Knight uses an Orban 674A parametric graphic, tucked into the corner of Showco's auspicious drive racks, to aid in EQ'ing th PA. Processing is provided by the PRISM digital controller, with seperate control frames for main, front-fill and center-fill systems. In typical Showco fashion, the main equalizers are two custom Industrial Research Products DG-4023 Transverse EQs. Starting with the Klark-Teknik RTA and pink noise, Knight looks for a particular slope, adjusting the alignment of the subs by a few milliseconds from the previous show's setting. He uses the Orban like a mastering EQ to gently contour narrow bands, while Showco's IRP EQs are used to nip a couple of frequencies at show time. Starting with a snappy Go West tune, Knight next runs a variety of program material (my note: including The Cure's "Lullaby") from a DAT compiled for tuning the system and then checks it with a vocal mic. "I use a range of material and my voice to confirm the response, and if every song sounds good, I know I'm in good shape," Knight says. "A few engineers rely too much on Donald Fagan(my note: yuck), whcih sounds pretty good with just about any reasonable system EQ."

Showco's PRISM system flies four rows deep on an eight-column grid. Eight Showco subs are in front of the downstage corners, with six cabinets arrayed on top of them, and several of Showco's two-way 450 cabinets are used on deck for the down-center coverage. Trimmed at 34 feet, the system is flown higher than other PRISM rigs, but there are six boxes stacked on the subs, and the system fills the hall uniformly. Crew chief and system engineer Stewart Bennett is assisted onstage and in flying the PA by SHowco's Travis Coleman. Knight has spent his share of time baby-sitting artists' engineers in years gone by, and he and Bennett have a good relationship that enables each to focus on his responsibilities with a minimum of verbal communication.

Knight is a Shure-endorsing engineer who also hails from Evanston Ill, and has input list has a few surprises. The kick drum is double-miked with a Beta 52 and an SM91. The snare top mic os a Beta 57A, while the bottom is a Beta 87. The toms are all SM98, and the cymbals are miked with SM81 condensers, with the exception of the ride, which is miked from underneath the bell with a 57 to give it cut. Knight uses an ADL tube DI on D'Arcy's bass post preamp and processing, and an Audio-Technica 4050 is used on an SVT bottom in an isolation case. Corgan plays his fender strat into a pair of Mesa heads with Marshall bottoms miked with Beta 57s. He also kicks in an Orange/Marshall stack occasionally for solos, which is miked with an AKG D-12. On Iha's electric, Knight uses Beta 57As for a little less proximity and smoother highs. Iha and D'Arcy sing backing vocals into Crown CM-310 "differoid" mics mics for high rejection, while Corgan sings into a Beta 58A.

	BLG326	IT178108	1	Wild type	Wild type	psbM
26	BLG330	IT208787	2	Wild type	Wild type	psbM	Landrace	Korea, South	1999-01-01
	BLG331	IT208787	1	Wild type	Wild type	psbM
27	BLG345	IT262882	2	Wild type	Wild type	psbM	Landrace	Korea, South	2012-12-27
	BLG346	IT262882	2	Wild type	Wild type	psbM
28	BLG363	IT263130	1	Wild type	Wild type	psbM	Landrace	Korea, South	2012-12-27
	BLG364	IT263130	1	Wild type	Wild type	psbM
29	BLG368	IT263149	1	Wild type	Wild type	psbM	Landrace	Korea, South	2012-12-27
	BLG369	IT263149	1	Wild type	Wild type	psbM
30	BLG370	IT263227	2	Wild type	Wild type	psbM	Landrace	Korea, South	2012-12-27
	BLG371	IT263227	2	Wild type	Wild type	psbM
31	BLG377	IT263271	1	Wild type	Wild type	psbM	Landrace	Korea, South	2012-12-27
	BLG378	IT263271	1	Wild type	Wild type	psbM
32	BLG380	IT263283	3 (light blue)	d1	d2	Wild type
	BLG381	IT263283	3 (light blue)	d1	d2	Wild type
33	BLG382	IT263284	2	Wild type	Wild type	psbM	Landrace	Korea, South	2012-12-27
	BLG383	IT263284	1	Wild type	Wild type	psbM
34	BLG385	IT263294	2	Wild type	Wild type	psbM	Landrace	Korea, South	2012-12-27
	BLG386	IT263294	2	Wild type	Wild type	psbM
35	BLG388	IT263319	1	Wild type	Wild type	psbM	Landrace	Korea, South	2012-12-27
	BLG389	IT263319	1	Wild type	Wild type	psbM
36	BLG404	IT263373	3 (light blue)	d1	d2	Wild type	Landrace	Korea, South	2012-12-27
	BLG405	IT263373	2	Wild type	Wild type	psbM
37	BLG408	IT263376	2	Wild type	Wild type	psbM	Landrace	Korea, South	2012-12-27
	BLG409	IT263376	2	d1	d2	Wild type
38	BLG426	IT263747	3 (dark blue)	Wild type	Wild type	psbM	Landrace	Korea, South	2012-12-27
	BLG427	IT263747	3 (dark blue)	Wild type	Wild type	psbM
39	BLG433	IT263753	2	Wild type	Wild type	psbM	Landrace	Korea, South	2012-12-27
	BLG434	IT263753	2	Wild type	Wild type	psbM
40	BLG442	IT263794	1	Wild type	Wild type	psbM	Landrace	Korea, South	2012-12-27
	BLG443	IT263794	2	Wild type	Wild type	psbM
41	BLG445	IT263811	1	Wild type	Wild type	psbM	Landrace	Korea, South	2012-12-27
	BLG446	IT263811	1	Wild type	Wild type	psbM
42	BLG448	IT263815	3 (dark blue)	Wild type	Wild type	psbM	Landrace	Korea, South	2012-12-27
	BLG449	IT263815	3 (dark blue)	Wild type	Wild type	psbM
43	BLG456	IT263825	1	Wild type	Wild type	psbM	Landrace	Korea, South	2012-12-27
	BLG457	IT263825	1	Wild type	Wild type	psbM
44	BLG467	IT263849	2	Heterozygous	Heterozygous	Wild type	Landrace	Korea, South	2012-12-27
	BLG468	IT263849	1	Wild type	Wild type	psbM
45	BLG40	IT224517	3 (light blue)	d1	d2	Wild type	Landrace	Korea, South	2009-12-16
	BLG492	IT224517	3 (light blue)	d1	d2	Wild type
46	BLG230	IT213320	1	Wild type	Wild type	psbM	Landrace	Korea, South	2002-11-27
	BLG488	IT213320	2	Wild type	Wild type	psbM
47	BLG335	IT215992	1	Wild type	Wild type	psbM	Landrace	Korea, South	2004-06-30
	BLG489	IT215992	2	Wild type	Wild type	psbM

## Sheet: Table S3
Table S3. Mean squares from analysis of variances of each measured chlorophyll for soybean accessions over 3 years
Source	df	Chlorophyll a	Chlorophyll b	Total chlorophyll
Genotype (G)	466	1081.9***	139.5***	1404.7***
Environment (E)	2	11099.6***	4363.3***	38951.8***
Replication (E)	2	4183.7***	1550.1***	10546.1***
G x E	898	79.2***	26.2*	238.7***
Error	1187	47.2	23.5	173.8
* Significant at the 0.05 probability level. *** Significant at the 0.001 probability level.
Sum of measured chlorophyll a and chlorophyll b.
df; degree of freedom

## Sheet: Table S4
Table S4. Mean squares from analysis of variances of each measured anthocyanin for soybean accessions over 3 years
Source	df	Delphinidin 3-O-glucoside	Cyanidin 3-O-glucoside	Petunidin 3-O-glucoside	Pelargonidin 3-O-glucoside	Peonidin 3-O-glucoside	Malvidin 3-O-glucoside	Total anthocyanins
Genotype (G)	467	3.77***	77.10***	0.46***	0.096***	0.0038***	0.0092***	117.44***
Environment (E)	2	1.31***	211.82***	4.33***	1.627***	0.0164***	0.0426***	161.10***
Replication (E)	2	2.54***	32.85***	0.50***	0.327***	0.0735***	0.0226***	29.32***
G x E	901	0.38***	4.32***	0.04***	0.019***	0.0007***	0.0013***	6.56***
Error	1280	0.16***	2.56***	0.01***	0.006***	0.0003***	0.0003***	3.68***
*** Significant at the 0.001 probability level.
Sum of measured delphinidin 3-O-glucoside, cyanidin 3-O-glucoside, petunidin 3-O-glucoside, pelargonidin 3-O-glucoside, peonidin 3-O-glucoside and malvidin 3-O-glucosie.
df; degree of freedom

Up at the stage, John Shearman mixes monitors on a Midas XL-3 and a dozen channels of Klark-Teknik graphics and is assisted by SHowco's Rik McSorley. Effects include a Yamaha SPX-990, a Lexicon PCM-42 and a dbx subharmonic synth. FOr inserts there are Drawmer DS-201 gates and K-T DN-504 quad compressors, and on Corgan's vocal there is a BSS Varicurve and a DPR-901 dynamic equalizer(my note: long ago there was a thread on listessa regarding people hearing Billy's vocals different, and thinking there was some sort of effect on them, or that they were partially prerecorded. this may be the answer). Sidefills are a pair of PRISM boxes flown over each downstage corner, and wedges are Showco's stylish SRM (Stage Reference Monitor), loaded with a 12 and a 2-inch and powered by Crown amps, as is the entire system.

Once again I found myself at a concert attended mostly by teenagers and parents my age. Always ready with an open mind and a pair of earplugs, I was surprised by a lively show. Not only was this the best-sounding PRISM rig I've heard in a while, but the light show was a complete video game on acid, with a stage set resembling a spaceship to Mars. The Pumpkins kept a sold-out crowd of enthusiastic adolescents completely absorbed and singing along with the hits, cheering at 110 dB and competing with the PA all night. My fault was not buying the album and memorizing the lyrics, as the only way I could make out any words was to read them off the setlist. If not for the foam in my ears I would have been deaf the next day.

Credit: Mark Frink